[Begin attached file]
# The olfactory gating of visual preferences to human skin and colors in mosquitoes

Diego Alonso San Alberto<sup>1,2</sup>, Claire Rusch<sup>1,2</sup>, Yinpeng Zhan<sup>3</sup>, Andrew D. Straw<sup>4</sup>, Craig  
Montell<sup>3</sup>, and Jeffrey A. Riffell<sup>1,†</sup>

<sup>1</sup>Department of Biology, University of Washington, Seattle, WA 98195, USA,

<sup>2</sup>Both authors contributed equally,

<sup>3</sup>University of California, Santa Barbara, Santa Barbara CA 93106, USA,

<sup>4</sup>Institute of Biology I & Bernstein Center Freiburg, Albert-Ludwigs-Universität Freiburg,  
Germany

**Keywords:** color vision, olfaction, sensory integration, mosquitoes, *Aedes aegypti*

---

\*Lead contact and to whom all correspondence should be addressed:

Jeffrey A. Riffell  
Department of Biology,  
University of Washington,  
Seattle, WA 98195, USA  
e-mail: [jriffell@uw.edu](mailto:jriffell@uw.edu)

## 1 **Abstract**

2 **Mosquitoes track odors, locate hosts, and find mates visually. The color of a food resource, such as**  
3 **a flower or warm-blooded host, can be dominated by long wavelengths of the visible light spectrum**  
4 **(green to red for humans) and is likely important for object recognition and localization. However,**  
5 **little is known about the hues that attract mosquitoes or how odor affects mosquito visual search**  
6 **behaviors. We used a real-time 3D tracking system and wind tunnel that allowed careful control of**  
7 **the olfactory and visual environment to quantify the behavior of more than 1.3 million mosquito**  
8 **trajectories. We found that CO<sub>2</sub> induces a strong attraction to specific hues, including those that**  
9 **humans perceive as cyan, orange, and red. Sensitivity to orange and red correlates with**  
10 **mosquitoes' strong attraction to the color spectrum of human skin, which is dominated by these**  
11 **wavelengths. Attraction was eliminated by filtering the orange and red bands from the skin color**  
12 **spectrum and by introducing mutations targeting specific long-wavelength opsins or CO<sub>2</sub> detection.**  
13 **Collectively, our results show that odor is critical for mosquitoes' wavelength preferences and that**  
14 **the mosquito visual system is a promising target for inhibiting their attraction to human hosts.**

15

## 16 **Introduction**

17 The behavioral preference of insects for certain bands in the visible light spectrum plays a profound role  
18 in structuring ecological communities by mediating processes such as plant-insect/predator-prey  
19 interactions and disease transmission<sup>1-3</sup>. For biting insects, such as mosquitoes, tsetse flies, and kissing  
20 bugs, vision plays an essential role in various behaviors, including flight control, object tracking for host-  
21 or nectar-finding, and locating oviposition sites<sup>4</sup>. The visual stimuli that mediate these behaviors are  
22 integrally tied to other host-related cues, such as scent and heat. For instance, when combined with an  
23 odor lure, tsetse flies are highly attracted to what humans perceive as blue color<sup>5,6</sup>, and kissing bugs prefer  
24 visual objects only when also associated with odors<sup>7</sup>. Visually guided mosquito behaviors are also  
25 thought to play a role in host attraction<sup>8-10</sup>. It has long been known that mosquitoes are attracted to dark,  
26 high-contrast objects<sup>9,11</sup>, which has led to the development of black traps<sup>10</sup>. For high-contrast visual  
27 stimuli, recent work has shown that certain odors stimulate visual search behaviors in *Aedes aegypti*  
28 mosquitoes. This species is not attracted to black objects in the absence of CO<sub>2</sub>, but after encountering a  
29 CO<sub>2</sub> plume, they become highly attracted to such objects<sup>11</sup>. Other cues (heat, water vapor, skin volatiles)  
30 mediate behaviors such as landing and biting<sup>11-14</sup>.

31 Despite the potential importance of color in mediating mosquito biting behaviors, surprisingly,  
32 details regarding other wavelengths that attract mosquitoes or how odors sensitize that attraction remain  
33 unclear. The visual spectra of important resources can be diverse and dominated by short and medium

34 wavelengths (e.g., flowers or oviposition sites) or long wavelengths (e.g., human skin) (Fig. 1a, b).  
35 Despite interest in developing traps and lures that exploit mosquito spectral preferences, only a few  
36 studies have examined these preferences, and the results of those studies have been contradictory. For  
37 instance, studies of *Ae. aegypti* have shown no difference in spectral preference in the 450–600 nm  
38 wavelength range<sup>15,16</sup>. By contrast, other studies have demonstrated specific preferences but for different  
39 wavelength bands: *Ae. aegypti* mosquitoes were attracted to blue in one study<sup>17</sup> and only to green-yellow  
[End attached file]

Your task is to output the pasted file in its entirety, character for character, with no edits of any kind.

# The olfactory gating of visual preferences to human skin and colors in mosquitoes

Diego Alonso San Alberto<sup>1,2</sup>, Claire Rusch<sup>1,2</sup>, Yinpeng Zhan<sup>3</sup>, Andrew D. Straw<sup>4</sup>, Craig  
Montell<sup>3</sup>, and Jeffrey A. Riffell<sup>1,†</sup>

<sup>1</sup>Department of Biology, University of Washington, Seattle, WA 98195, USA,

<sup>2</sup>Both authors contributed equally,

<sup>3</sup>University of California, Santa Barbara, Santa Barbara CA 93106, USA,

<sup>4</sup>Institute of Biology I & Bernstein Center Freiburg, Albert-Ludwigs-Universität Freiburg,  
Germany

**Keywords:** color vision, olfaction, sensory integration, mosquitoes, *Aedes aegypti*

---

\*Lead contact and to whom all correspondence should be addressed:

Jeffrey A. Riffell  
Department of Biology,  
University of Washington,  
Seattle, WA 98195, USA  
e-mail: [jriffell@uw.edu](mailto:jriffell@uw.edu)

## 1 **Abstract**

2 **Mosquitoes track odors, locate hosts, and find mates visually. The color of a food resource, such as**  
3 **a flower or warm-blooded host, can be dominated by long wavelengths of the visible light spectrum**  
4 **(green to red for humans) and is likely important for object recognition and localization. However,**  
5 **little is known about the hues that attract mosquitoes or how odor affects mosquito visual search**  
6 **behaviors. We used a real-time 3D tracking system and wind tunnel that allowed careful control of**  
7 **the olfactory and visual environment to quantify the behavior of more than 1.3 million mosquito**  
8 **trajectories. We found that CO<sub>2</sub> induces a strong attraction to specific hues, including those that**  
9 **humans perceive as cyan, orange, and red. Sensitivity to orange and red correlates with**  
10 **mosquitoes' strong attraction to the color spectrum of human skin, which is dominated by these**  
11 **wavelengths. Attraction was eliminated by filtering the orange and red bands from the skin color**  
12 **spectrum and by introducing mutations targeting specific long-wavelength opsins or CO<sub>2</sub> detection.**  
13 **Collectively, our results show that odor is critical for mosquitoes' wavelength preferences and that**  
14 **the mosquito visual system is a promising target for inhibiting their attraction to human hosts.**

15

## 16 **Introduction**

17 The behavioral preference of insects for certain bands in the visible light spectrum plays a profound role  
18 in structuring ecological communities by mediating processes such as plant-insect/predator-prey  
19 interactions and disease transmission<sup>1-3</sup>. For biting insects, such as mosquitoes, tsetse flies, and kissing  
20 bugs, vision plays an essential role in various behaviors, including flight control, object tracking for host-  
21 or nectar-finding, and locating oviposition sites<sup>4</sup>. The visual stimuli that mediate these behaviors are  
22 integrally tied to other host-related cues, such as scent and heat. For instance, when combined with an  
23 odor lure, tsetse flies are highly attracted to what humans perceive as blue color<sup>5,6</sup>, and kissing bugs prefer  
24 visual objects only when also associated with odors<sup>7</sup>. Visually guided mosquito behaviors are also  
25 thought to play a role in host attraction<sup>8-10</sup>. It has long been known that mosquitoes are attracted to dark,  
26 high-contrast objects<sup>9,11</sup>, which has led to the development of black traps<sup>10</sup>. For high-contrast visual  
27 stimuli, recent work has shown that certain odors stimulate visual search behaviors in *Aedes aegypti*  
28 mosquitoes. This species is not attracted to black objects in the absence of CO<sub>2</sub>, but after encountering a  
29 CO<sub>2</sub> plume, they become highly attracted to such objects<sup>11</sup>. Other cues (heat, water vapor, skin volatiles)  
30 mediate behaviors such as landing and biting<sup>11-14</sup>.

31 Despite the potential importance of color in mediating mosquito biting behaviors, surprisingly,  
32 details regarding other wavelengths that attract mosquitoes or how odors sensitize that attraction remain  
33 unclear. The visual spectra of important resources can be diverse and dominated by short and medium

34 wavelengths (e.g., flowers or oviposition sites) or long wavelengths (e.g., human skin) (Fig. 1a, b).  
35 Despite interest in developing traps and lures that exploit mosquito spectral preferences, only a few  
36 studies have examined these preferences, and the results of those studies have been contradictory. For  
37 instance, studies of *Ae. aegypti* have shown no difference in spectral preference in the 450–600 nm  
38 wavelength range<sup>15,16</sup>. By contrast, other studies have demonstrated specific preferences but for different  
39 wavelength bands: *Ae. aegypti* mosquitoes were attracted to blue in one study<sup>17</sup> and only to green-yellow  